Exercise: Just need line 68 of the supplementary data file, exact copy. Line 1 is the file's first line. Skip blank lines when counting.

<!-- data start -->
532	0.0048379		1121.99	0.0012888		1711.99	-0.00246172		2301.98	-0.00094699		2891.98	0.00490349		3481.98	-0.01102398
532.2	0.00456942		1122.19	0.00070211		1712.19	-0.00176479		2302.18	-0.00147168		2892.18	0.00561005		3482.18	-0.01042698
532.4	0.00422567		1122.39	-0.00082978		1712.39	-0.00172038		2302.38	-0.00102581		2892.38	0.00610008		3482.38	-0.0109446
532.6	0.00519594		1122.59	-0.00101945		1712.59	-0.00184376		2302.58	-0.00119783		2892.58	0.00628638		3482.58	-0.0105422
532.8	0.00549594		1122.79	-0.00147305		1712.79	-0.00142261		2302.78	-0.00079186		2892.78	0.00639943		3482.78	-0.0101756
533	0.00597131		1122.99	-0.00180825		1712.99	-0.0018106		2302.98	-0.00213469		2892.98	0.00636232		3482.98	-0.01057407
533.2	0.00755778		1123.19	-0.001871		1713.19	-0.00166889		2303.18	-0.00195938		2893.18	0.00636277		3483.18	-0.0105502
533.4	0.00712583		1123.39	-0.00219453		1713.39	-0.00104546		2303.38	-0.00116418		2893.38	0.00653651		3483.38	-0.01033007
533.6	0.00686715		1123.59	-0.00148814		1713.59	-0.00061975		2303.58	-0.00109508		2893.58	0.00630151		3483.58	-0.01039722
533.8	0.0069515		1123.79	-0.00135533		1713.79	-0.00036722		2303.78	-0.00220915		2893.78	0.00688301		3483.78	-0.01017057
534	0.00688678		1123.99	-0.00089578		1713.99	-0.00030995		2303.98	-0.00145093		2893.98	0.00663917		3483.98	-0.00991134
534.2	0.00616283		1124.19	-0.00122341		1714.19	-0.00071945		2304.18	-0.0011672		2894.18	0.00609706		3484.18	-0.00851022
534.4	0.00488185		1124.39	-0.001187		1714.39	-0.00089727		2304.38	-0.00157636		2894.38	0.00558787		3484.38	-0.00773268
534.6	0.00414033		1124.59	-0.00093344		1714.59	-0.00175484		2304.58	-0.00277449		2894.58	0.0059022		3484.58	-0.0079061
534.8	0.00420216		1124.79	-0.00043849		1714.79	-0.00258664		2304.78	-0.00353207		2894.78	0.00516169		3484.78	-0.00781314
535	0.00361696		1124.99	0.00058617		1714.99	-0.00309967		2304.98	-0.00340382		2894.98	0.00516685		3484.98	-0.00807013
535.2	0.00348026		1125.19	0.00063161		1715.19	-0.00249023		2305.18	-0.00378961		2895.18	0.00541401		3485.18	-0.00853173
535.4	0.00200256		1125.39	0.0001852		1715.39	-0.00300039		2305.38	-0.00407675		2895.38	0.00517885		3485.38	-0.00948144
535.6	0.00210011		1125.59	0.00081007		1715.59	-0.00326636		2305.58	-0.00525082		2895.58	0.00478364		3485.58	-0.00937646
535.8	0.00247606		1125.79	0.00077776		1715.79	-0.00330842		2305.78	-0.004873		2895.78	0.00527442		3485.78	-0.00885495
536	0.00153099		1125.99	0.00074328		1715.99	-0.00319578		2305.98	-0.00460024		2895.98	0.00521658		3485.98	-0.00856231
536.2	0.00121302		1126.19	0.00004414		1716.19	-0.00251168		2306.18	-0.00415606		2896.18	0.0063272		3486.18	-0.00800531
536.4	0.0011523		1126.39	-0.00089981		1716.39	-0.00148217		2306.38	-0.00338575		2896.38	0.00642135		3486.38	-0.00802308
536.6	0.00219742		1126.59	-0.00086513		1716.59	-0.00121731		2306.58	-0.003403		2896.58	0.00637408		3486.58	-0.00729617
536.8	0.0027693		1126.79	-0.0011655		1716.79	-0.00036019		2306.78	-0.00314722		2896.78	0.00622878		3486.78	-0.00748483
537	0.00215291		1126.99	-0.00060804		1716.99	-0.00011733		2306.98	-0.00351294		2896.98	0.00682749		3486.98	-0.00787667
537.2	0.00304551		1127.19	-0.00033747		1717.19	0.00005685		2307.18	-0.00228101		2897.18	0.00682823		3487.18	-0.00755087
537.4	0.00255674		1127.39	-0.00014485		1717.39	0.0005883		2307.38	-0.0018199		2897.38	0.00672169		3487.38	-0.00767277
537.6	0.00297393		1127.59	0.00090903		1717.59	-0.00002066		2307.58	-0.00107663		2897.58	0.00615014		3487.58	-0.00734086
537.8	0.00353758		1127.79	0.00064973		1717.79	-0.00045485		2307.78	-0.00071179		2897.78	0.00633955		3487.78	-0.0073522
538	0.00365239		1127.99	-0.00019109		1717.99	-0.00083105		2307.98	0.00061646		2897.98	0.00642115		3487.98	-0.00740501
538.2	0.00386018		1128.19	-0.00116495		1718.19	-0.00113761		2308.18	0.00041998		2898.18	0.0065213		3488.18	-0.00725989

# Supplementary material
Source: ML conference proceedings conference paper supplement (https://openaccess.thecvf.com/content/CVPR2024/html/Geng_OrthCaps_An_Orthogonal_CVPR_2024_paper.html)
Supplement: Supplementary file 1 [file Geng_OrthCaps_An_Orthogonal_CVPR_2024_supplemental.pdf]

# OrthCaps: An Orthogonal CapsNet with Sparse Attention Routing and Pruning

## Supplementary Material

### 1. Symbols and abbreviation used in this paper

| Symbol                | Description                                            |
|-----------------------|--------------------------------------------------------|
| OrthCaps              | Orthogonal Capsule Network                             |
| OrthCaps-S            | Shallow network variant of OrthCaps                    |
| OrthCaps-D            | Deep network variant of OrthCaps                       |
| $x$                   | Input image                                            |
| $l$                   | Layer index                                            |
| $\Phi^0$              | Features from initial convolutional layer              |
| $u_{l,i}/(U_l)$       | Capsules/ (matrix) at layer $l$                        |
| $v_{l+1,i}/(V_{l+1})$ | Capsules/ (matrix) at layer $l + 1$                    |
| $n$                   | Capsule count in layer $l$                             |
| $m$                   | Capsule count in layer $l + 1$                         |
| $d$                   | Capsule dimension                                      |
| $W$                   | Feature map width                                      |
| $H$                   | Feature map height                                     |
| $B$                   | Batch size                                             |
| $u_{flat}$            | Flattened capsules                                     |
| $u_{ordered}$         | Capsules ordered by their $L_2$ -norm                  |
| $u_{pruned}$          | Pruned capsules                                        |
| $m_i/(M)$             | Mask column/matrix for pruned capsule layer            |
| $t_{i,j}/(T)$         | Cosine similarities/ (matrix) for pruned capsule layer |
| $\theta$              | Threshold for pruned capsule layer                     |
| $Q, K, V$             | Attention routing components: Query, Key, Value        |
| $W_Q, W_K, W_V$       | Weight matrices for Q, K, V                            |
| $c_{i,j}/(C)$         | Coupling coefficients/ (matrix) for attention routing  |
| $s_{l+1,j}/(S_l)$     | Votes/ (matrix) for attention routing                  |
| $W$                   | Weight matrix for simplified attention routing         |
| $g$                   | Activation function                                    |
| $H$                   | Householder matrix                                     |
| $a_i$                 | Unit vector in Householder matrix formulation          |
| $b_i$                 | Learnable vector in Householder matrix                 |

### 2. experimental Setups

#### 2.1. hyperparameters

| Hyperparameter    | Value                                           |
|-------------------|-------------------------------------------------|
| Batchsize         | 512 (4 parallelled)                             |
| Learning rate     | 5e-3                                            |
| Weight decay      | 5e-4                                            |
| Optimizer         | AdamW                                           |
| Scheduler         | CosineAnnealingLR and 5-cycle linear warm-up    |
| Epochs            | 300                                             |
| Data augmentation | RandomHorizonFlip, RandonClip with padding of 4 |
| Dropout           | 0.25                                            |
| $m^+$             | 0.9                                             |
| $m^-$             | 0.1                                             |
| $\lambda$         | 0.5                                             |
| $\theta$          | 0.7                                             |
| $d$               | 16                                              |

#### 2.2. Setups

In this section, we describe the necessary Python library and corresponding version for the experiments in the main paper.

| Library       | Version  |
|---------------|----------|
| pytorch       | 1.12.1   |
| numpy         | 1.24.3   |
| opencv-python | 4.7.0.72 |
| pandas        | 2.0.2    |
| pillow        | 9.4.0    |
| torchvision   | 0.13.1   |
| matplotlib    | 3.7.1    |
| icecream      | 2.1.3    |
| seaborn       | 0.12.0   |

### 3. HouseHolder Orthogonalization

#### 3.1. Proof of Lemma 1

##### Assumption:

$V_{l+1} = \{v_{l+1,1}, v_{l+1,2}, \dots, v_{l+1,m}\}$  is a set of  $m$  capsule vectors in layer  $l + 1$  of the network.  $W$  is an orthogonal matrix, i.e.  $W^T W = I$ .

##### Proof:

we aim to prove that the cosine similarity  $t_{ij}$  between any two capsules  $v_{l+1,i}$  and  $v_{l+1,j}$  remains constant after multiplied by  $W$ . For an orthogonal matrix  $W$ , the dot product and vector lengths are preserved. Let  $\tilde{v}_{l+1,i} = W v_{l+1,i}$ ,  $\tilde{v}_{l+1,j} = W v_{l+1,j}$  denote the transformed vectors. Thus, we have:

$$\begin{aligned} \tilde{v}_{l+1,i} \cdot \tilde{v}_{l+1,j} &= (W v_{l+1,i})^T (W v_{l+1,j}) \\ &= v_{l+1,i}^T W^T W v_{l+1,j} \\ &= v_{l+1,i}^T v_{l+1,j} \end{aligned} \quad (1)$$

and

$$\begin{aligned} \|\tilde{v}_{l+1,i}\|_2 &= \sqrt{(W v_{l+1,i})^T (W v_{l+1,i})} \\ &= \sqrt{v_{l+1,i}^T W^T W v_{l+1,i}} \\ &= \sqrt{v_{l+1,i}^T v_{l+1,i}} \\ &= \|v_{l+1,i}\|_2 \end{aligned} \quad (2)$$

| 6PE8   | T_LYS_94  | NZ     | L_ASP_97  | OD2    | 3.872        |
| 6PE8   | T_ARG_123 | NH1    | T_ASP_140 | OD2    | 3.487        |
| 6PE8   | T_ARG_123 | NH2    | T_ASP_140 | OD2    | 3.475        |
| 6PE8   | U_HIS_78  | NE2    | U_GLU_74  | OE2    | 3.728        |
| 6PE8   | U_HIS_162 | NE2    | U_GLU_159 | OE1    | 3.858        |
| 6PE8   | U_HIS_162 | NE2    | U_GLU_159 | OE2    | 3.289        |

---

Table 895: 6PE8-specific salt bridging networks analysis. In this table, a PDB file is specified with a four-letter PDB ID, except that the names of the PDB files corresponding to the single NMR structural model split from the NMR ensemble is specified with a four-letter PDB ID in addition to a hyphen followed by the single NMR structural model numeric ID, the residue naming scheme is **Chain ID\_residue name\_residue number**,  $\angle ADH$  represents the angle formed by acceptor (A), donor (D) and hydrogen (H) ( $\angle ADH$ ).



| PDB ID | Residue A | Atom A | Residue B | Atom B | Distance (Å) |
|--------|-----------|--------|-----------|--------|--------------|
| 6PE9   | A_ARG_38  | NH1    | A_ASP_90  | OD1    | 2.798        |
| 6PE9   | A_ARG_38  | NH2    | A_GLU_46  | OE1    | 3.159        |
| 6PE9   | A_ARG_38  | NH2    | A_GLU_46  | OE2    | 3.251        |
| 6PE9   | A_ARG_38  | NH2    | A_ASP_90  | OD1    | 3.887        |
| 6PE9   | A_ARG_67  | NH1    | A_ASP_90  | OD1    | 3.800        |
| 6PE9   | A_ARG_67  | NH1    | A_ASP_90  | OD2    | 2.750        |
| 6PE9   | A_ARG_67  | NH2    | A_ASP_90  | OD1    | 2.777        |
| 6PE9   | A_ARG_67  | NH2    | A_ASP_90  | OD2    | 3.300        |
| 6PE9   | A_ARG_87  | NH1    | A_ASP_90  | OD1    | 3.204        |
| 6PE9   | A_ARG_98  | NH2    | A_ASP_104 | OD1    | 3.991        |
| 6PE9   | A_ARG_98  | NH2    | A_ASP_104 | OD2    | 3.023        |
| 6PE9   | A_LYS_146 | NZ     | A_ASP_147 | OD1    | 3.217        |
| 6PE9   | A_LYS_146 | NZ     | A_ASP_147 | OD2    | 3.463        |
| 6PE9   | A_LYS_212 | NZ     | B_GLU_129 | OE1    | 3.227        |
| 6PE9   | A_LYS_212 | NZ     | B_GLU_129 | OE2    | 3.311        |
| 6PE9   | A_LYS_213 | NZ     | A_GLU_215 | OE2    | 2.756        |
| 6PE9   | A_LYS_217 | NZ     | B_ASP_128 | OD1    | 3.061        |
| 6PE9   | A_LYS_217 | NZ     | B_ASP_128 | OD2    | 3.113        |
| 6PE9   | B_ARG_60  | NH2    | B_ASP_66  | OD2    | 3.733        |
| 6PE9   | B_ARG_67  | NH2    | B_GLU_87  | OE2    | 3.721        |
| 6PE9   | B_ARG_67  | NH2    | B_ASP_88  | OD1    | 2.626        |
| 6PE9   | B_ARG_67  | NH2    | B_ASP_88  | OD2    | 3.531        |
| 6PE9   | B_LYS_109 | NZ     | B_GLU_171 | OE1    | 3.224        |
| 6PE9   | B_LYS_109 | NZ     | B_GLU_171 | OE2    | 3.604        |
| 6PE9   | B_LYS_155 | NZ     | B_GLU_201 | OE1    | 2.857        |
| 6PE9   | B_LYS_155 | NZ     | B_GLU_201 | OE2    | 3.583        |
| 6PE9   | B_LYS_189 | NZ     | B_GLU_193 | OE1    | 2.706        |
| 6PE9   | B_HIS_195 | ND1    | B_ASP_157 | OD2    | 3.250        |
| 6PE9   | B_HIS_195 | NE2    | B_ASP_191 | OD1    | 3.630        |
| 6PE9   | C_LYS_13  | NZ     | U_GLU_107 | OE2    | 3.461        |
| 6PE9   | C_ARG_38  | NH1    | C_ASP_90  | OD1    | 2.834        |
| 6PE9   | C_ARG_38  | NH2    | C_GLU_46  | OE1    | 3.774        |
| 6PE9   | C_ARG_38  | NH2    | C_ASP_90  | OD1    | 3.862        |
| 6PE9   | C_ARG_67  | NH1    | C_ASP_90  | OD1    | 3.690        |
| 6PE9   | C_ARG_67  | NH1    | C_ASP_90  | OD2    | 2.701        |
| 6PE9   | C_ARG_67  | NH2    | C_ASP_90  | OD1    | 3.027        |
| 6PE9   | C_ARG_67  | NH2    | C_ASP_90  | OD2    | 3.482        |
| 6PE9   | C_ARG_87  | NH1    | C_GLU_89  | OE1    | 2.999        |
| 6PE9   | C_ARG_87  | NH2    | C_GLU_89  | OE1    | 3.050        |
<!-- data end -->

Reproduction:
| $a_i$                 | Unit vector in Householder matrix formulation          |